why is it so hard?

The 118th Army vs. Navy Game in Philadelphia, Pennsylvania Dec. 9, 2017. (U.S. Army photo by Michelle Eberhart

The first college football game I ever watched was the 1960 Army Navy contest. A running back named Joe Bellino caught my attention and I cheered enthusiastically for Navy during that contest. A few days later Bellino would also win the Heisman Trophy.

My father watched the game with me and rooted for the opposing team. He served in World War II as a gunnery sergeant and was Army through and through. This was likely the first of many disagreements he and I would have over the years. Most, like the Army Navy rivalry, were minor obstacles we could overcome. A few we never got past.

By the time I started driving, the Army Navy rivalry had lost much of its national importance. The Viet Nam War didn’t help, as thousands of American sons were killed in a meaningless fight. With the draft still in effect, nearly every family was touched by the casualty list. The nation became deeply divided as every conceivable political position was fractured. That wound hasn’t healed yet.

The power of television ushered in an era where college and professional football became identifiable distinctions of a person’s allegiance; another way to distance oneself from those different in some way. A species programmed to separate themselves from each other found one more category. In addition to race, religion, sex, national origin, we now had team preference.

As the decades passed, Americans have become not only more divided but less willing to have real discussions about differences. No one is willing to listen to an opposing view point much less consider it valid.

Our politicians scare us instead of telling us the truth, forcing us into more concrete positions. We think the very future of our species is dependent on voting a certain way.

We no longer even bother to talk; we just scream slogans at each other. The idea of settling disputes has become almost quaint. We consider damaging the opponent to be more important than fighting with honor, respecting others’ views and telling the truth. Watching the other side wail is better than winning the day fairly. This attitude permeates every facet of our lives and has taken over our workday, leisure time, and sports allegiances. Almost.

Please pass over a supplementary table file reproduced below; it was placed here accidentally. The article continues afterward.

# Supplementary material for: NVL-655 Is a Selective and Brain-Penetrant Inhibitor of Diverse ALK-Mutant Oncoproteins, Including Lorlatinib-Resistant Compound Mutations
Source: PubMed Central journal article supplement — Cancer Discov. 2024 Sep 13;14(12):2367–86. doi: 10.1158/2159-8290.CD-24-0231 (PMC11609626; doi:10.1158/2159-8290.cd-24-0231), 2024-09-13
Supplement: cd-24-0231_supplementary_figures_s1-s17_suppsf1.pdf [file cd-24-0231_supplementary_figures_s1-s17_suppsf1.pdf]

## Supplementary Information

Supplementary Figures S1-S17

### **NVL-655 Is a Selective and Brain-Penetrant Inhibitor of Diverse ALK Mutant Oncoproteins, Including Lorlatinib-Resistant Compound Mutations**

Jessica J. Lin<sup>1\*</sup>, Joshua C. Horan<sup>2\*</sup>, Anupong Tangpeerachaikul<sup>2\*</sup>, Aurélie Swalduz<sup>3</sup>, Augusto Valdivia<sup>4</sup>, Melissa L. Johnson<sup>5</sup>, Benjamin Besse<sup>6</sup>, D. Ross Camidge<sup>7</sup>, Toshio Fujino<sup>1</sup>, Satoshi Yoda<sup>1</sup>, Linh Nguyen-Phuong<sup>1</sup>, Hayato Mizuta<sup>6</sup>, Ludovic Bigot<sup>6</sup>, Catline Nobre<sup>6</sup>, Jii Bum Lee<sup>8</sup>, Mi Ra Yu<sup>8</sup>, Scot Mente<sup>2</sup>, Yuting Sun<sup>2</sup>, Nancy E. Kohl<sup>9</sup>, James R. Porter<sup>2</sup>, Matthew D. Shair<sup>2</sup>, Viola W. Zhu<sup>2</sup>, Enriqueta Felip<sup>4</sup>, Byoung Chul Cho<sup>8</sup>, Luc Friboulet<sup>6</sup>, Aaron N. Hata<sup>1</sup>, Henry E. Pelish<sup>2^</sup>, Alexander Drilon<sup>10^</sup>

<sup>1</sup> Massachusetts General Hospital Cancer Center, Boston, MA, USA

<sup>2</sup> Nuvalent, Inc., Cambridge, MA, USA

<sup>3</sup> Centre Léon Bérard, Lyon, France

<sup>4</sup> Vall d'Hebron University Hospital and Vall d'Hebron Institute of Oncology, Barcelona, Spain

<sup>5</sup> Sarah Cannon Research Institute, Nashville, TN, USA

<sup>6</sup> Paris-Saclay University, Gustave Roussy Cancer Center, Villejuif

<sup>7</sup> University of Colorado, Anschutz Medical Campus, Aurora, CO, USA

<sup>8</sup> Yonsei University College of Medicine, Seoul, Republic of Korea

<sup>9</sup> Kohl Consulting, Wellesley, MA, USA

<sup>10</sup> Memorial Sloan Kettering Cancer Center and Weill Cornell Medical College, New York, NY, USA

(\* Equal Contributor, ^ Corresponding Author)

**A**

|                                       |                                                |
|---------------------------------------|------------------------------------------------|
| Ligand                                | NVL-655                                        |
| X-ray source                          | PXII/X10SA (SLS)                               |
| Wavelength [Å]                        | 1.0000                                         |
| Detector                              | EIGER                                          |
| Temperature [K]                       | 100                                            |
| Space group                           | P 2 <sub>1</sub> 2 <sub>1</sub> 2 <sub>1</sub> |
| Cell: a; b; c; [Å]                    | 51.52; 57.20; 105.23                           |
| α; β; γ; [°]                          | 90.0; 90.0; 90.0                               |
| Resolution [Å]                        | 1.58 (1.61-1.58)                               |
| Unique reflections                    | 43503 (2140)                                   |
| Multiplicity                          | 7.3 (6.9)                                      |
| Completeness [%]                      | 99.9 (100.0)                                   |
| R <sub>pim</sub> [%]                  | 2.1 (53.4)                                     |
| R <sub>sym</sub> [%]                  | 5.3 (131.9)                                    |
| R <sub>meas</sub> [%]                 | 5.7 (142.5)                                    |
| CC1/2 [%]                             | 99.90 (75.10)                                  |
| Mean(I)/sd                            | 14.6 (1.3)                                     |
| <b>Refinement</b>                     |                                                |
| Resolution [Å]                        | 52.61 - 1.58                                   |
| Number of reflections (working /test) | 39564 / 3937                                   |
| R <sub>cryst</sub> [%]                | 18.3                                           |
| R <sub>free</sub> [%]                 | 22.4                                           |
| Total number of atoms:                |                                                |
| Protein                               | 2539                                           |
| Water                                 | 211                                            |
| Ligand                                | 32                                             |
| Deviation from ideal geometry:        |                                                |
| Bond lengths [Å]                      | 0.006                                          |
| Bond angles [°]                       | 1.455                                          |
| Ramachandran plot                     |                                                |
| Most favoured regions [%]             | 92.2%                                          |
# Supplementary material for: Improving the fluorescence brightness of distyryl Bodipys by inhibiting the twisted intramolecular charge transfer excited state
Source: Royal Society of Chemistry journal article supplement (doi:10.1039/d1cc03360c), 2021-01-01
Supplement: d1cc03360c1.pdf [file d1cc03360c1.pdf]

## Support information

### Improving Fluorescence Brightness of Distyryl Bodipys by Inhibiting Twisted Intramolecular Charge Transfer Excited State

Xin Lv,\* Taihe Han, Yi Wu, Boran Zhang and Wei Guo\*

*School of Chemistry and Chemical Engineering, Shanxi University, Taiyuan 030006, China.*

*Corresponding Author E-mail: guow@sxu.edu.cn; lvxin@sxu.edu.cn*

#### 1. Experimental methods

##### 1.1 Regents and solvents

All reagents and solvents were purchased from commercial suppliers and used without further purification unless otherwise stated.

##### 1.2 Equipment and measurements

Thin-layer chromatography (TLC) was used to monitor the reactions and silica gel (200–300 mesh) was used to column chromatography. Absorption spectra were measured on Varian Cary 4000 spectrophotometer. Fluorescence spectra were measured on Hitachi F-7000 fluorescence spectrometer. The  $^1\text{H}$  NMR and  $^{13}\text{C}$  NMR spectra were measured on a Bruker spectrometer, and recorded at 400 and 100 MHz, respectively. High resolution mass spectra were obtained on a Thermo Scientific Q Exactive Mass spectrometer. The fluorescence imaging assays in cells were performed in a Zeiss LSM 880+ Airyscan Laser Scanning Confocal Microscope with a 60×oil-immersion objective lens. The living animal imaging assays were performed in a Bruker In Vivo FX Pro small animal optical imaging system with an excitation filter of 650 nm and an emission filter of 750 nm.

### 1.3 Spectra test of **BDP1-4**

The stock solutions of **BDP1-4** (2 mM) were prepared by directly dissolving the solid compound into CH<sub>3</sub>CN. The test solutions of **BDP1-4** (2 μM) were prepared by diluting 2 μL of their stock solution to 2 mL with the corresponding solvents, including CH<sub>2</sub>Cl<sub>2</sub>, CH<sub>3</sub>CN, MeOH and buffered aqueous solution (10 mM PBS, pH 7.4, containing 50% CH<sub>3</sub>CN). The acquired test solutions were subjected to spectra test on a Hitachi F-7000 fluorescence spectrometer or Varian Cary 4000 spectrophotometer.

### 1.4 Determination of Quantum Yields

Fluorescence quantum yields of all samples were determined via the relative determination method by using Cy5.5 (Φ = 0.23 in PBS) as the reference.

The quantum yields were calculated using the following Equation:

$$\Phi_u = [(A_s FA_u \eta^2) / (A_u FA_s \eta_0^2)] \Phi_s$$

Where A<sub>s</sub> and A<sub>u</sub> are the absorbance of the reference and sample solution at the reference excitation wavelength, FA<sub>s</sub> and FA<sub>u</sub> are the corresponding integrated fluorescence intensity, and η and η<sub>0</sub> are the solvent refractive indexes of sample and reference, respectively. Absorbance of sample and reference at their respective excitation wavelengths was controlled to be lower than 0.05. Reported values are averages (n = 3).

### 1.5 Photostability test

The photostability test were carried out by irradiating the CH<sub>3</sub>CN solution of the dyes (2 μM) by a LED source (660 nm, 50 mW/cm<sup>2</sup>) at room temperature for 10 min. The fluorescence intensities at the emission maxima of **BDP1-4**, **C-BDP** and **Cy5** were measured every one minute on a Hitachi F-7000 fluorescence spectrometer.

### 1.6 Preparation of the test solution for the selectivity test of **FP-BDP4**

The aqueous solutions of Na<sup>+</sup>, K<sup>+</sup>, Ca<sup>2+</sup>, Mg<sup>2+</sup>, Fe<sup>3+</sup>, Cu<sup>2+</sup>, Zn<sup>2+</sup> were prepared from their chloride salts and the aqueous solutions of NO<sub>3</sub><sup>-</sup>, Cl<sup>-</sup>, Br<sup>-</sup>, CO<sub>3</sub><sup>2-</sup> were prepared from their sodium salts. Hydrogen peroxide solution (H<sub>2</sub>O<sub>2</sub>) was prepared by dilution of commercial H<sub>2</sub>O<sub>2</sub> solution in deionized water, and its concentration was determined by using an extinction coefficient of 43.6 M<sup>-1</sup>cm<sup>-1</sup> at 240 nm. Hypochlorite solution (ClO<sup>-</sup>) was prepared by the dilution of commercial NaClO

About five years ago I stumbled on the telecast of the Army Navy game once again and discovered this battle hasn’t degraded. These two football teams, representing the best America has to offer, fought harder against each other than any group I’d recently seen. For the sake of team, honor, and right, they battled fiercely.

After each contest the teams gather and reverently sing each others’ Alma Mater and loudly, enthusiastically salute their opponent. The loser sings first, sadly, and with trembling lips, but still classy and proud of their effort.

Then the winners sing. No excuses, no trash talking, no crotch grabbing or flag planting or twitter gotcha. Just what seems like a million voices, as one, singly badly but happily.

Two teams of opposing people, fighting with maximum effort to vanquish the other. At the end, a show of total respect for the other team. After all we are all really the same and are after the identical prize. All that effort just to sing second.

Seems so simple. Why is it so hard?

Image: The 118th Army vs. Navy Game in Philadelphia, Pennsylvania Dec. 9, 2017. (U.S. Army photo by Michelle Eberhart) via flickr (cc).
Mike Cox

Mike Cox

Mike Cox currently writes a weekly column in South Carolina for the Columbia Star called "It's Not a Criticism, It's an Observation." He is trying to grow old as gracefully as possible without condemning the current generation in charge to doom. Each day this task gets harder as the overwhelming evidence mounts. He currently has two published books; Finding Daddy Cox, and October Saturdays. His columns have won three South Carolina Press Association awards since 2003. Mike has three sons and two grandchildren and lives in Irmo, Sc, just outside of Columbia.